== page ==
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Tina Casey headshot

From UBS to Goldman Sachs, Major Investors Take a Stand for Climate Action

The disappointing conclusion of the U.N. climate talks last week galvanized many in the private sector—including financial powerhouses like UBS and Goldman—to double down on their support for decarbonization.
By Tina Casey
Goldman Sachs and other investors stand up for climate action

(Image: Goldman Sachs headquarters in Battery Park, New York. Goldman is just one of several major investors to take a public stance on climate change this past week.)

For the global economy to decarbonize quickly, there is no substitute for political leadership from the top. Nevertheless, investors and other financial stakeholders are positioned to hold the torch until national governments come up with a more aggressive position on climate change.

A group of more than 600 investors called for an end to fossil fuel subsidies during the COP25 climate talks in Madrid last week. The talks concluded in a shambles, but the pledge to act has continued to grow.

Investors are concerned about stranded fossil fuel assets

Though the world's two largest investors, BlackRock and Vanguard, are not part of the group of 600, it's still a financial powerhouse. UBS Asset Management and the California Public Employees’ Retirement System (CalPERS) are just two of the big-ticket investors on the roster. 

These investors clearly anticipate that stronger climate legislation is inevitable, and they want more clarity on the risks involved in clinging to fossil fuel investments. “One of the biggest worries for investors is the treatment of ‘stranded assets’, such as oil, coal and gas reserves, which could become unusable depending on climate legislation," reports Billy Nauman of The Financial Times.

A push for more disclosure 

As with many aspects of decarbonization, transparency is a key issue in the area of stranded assets. The group urges the adoption of risk disclosure platforms through the Task Force on Climate-related Financial Disclosures.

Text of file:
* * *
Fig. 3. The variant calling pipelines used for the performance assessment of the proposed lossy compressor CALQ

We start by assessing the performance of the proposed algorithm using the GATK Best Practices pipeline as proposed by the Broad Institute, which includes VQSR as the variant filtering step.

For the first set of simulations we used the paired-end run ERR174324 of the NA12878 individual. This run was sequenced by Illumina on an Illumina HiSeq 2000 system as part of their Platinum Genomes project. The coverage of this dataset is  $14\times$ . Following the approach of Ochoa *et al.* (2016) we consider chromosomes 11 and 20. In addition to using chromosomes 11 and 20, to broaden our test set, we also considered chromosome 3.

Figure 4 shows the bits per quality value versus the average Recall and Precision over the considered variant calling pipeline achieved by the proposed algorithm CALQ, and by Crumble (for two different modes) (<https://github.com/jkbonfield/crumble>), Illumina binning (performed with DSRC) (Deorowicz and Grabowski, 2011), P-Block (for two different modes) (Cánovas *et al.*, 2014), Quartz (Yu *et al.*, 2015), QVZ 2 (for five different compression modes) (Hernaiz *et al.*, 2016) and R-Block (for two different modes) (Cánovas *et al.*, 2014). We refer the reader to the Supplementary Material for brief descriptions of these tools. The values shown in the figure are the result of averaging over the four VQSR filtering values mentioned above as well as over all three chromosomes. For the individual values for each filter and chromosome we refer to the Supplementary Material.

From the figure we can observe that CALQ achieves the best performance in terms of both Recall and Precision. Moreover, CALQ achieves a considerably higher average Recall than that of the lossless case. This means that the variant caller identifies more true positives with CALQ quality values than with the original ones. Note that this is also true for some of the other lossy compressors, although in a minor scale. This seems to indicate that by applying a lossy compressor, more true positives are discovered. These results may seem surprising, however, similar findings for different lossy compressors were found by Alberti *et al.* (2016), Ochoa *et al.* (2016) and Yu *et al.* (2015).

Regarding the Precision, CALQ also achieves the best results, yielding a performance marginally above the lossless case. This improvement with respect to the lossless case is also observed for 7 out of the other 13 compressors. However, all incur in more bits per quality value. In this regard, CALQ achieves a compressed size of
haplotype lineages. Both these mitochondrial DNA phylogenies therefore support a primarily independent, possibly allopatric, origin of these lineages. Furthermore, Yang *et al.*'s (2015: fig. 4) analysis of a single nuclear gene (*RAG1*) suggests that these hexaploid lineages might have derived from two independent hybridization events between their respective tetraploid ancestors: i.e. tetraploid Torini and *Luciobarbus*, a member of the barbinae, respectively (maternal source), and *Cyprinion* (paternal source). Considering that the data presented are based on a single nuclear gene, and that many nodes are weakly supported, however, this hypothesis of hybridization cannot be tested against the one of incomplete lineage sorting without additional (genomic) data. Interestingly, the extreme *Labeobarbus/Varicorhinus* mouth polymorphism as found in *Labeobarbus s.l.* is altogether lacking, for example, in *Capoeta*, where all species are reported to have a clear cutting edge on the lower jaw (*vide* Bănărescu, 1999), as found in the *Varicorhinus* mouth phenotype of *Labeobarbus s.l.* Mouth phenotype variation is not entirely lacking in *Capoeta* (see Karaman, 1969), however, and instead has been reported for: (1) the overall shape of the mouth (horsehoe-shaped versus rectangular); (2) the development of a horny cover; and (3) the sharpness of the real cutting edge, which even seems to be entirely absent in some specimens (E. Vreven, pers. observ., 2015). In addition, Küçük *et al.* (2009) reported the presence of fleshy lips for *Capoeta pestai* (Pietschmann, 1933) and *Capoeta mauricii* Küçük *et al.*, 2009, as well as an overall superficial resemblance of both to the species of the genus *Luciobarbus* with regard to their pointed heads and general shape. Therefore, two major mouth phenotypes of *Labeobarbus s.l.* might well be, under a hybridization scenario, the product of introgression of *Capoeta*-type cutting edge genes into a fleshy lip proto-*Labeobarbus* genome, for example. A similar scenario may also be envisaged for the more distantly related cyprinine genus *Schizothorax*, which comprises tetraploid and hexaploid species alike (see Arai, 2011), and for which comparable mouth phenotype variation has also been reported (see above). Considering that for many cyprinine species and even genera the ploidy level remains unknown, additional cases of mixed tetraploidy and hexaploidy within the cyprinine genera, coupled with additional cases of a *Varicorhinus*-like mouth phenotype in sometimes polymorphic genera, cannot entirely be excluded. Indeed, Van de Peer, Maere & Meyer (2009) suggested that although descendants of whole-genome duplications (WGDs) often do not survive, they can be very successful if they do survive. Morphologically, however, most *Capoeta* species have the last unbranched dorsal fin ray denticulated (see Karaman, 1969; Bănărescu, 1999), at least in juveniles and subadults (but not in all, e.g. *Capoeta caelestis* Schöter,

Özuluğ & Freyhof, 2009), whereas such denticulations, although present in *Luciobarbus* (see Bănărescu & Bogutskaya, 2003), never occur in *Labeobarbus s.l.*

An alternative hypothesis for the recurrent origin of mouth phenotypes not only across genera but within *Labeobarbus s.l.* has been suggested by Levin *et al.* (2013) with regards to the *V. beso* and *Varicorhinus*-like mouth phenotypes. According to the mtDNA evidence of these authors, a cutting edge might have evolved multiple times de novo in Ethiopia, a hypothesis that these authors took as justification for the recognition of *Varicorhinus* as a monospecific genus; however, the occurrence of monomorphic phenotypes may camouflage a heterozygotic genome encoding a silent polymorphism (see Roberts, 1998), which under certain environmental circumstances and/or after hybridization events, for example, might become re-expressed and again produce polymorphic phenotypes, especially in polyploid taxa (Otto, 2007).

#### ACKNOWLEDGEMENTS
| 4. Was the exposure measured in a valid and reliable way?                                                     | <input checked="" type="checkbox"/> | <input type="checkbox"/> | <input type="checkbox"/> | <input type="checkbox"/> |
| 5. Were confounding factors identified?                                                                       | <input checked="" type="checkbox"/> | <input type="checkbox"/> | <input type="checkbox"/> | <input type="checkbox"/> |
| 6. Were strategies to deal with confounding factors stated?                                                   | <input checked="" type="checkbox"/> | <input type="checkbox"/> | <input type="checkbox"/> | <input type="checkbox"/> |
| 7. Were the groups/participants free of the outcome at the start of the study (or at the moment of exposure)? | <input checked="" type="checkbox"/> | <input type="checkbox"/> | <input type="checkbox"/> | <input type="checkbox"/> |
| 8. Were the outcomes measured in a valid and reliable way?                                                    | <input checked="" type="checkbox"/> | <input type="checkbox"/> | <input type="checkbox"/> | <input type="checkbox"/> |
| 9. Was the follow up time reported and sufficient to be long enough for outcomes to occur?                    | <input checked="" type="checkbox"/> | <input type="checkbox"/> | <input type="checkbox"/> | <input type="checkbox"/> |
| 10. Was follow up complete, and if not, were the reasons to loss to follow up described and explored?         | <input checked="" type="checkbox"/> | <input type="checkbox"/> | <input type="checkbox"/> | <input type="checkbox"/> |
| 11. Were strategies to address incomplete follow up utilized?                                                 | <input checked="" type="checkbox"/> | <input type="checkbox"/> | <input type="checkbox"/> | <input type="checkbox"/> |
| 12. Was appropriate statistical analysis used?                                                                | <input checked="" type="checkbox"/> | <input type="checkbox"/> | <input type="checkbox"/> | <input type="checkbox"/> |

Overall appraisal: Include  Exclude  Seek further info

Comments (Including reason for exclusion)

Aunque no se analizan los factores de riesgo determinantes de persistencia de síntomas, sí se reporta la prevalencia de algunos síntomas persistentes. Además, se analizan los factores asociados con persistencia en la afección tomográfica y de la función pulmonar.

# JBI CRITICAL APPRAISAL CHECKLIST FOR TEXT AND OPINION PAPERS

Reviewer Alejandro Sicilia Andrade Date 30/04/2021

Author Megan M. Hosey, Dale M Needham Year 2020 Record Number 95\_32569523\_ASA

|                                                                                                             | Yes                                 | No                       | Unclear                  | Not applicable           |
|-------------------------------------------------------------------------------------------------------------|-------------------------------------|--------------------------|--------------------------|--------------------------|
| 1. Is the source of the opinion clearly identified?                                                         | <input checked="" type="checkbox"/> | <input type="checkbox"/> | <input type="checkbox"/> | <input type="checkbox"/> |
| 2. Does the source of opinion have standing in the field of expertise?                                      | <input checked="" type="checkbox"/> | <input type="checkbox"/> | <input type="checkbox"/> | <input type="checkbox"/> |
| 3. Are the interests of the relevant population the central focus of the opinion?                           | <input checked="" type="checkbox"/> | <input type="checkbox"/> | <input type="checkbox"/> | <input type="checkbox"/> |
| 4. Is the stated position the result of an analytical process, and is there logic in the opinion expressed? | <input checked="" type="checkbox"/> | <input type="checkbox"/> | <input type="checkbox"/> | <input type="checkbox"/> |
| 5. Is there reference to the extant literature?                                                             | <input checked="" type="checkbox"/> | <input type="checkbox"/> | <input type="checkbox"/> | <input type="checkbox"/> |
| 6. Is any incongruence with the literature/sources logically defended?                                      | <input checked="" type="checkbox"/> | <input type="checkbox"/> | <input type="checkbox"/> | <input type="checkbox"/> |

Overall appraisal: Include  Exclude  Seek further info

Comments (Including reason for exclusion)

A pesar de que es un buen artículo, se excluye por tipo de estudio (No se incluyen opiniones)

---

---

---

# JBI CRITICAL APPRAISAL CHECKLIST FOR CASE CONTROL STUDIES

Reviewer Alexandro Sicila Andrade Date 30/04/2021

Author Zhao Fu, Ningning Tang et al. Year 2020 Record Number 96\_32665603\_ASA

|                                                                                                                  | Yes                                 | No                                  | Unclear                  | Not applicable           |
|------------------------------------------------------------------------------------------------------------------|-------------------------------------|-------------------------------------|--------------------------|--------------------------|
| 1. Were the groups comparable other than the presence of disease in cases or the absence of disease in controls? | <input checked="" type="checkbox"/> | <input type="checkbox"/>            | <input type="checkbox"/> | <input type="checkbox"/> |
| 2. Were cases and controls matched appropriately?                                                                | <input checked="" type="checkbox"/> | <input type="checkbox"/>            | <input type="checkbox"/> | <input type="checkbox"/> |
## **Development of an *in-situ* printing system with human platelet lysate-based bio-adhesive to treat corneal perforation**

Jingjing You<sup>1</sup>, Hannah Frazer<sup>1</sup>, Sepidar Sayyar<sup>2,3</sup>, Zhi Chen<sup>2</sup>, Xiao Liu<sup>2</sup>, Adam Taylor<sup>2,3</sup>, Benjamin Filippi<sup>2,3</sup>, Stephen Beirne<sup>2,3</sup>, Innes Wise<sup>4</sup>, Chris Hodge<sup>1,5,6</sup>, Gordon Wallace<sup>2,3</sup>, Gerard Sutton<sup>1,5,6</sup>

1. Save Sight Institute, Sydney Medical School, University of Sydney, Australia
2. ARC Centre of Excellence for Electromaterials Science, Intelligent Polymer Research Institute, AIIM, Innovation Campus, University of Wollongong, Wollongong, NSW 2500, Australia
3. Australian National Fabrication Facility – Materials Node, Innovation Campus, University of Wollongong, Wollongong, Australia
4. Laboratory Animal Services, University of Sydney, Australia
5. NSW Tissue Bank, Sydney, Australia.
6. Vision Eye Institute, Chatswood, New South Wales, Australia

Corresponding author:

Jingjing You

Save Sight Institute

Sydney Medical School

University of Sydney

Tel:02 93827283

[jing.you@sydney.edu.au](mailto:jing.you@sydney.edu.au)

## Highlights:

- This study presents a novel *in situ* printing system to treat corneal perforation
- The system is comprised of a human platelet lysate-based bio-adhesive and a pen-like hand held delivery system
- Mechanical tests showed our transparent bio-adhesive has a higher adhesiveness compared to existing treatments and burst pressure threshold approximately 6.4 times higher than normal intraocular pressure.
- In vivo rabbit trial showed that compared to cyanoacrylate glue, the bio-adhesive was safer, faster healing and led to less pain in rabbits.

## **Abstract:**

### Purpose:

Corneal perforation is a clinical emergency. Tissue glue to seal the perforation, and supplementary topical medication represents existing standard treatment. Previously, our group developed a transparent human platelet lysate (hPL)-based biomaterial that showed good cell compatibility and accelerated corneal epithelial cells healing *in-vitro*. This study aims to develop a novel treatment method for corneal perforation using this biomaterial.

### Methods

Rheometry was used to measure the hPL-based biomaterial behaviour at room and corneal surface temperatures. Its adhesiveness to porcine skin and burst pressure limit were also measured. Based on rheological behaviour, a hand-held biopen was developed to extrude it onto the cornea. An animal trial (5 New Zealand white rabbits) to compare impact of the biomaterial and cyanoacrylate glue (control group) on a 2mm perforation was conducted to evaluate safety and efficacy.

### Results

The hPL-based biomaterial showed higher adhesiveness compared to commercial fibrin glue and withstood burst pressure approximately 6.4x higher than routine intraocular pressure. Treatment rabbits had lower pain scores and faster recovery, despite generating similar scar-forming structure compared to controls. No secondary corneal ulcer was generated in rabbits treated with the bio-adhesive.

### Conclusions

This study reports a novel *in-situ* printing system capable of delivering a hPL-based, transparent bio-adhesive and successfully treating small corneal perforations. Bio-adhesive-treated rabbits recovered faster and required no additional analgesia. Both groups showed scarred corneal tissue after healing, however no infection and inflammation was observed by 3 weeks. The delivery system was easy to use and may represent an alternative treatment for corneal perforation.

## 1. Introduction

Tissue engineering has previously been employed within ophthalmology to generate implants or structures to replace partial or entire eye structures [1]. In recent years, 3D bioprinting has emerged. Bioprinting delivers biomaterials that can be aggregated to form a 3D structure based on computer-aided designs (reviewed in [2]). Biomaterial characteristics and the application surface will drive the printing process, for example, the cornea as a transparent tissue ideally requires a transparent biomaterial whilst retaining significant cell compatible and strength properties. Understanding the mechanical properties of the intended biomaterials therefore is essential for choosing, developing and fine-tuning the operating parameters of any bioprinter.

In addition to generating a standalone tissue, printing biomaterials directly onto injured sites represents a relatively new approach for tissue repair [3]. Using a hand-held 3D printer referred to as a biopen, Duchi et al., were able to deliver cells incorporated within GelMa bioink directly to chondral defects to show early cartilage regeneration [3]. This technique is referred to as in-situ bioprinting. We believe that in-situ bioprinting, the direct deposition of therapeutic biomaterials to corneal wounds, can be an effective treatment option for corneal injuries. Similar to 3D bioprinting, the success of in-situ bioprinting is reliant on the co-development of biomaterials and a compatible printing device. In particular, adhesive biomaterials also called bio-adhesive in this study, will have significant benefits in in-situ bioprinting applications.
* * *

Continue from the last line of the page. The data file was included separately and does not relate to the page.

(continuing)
The Task Force is supported by Mark Carney of the Bank of England and is chaired by U.S. businessman and presidential candidate Michael Bloomberg. It aims to develop voluntary and “effective” financial disclosure platforms that provide investors, lenders, insurers, and other stakeholders with accurate information about the risks associated with climate change.

The work of the Task Force is also aligned with the organization Principles for Responsible Investment (PRI), a sustainable finance organization backed by the United Nations.

Financial stakeholders take a stand for climate action

The odds of avoiding catastrophic climate change are still good, if the pace of decarbonization picks up. However, accelerating the decarbonization trend means that nations will, eventually, adopt stronger climate policies. 

In what could be a harbinger of things to come, last week Reuters reported that Switzerland is considering legislation to pull the Swiss central bank—and its $800 billion in assets—out of fossil fuel companies.

That should be a warning sign. But Nathan Fabian, chief responsible investment officer for the PRI, told The Financial Times that only a few companies have positioned their assets to prepare for a more aggressive decarbonization timeline. For example, almost 2,600 firms have signed on to PRI’s guidelines, but Fabian estimates that only about 2 percent of them have prepared accordingly.

Still, there are signs that the collapse of the Madrid talks has galvanized the financial community.

On Monday, the shareholder advocacy group As You Sow filed a shareholder proposal with ExxonMobil and co-filed another one at Chevron, asking the companies to align with the Paris Agreement by decarbonizing their value chain, not simply by improving energy efficiency in their operations. Among other stakeholders, the filings were backed by the Church Commissioners for England, which manages the Church of England’s endowment fund.

In a press statement announcing the filings, As You Sow cited other financial stakeholders pressuring the two companies. That includes the organization Climate Action 100+, which represents 370 global investors with more than $35 trillion in assets.

Climate Action 100+ is coordinated by the Asia Investor Group on Climate Change, U.S.-based Ceres, the Australia-New Zeland Investor Group on Climate Change, and the Institutional Investors Group on Climate Change (IIGCC) in addition to PRI. And it includes the Church Commission and the New York State Common Retirement Fund among members.

In another interesting development, on Sunday the financial heavyweight Goldman Sachs announced a set of measures aimed at stepping up the decarbonization of its stake in the global economy.

As reported by CNN, that includes a 10-year, $750 billion funding commitment for projects that involve decarbonization and inclusive growth.

The bank also pledged not to finance drilling in the Arctic, including the Arctic National Wildlife Refuge in Alaska. It's also the first major American bank to rule out funding new thermal coal mining and coal power projects.

Look for more major announcements from leading financial institutions as we move into 2020.

Image credit: Thomas Dimson/Flickr

Tina Casey headshot

Tina writes frequently for TriplePundit and other websites, with a focus on military, government and corporate sustainability, clean tech research and emerging energy technologies. She is a former Deputy Director of Public Affairs of the New York City Department of Environmental Protection, and author of books and articles on recycling and other conservation themes.

Read more stories by Tina Casey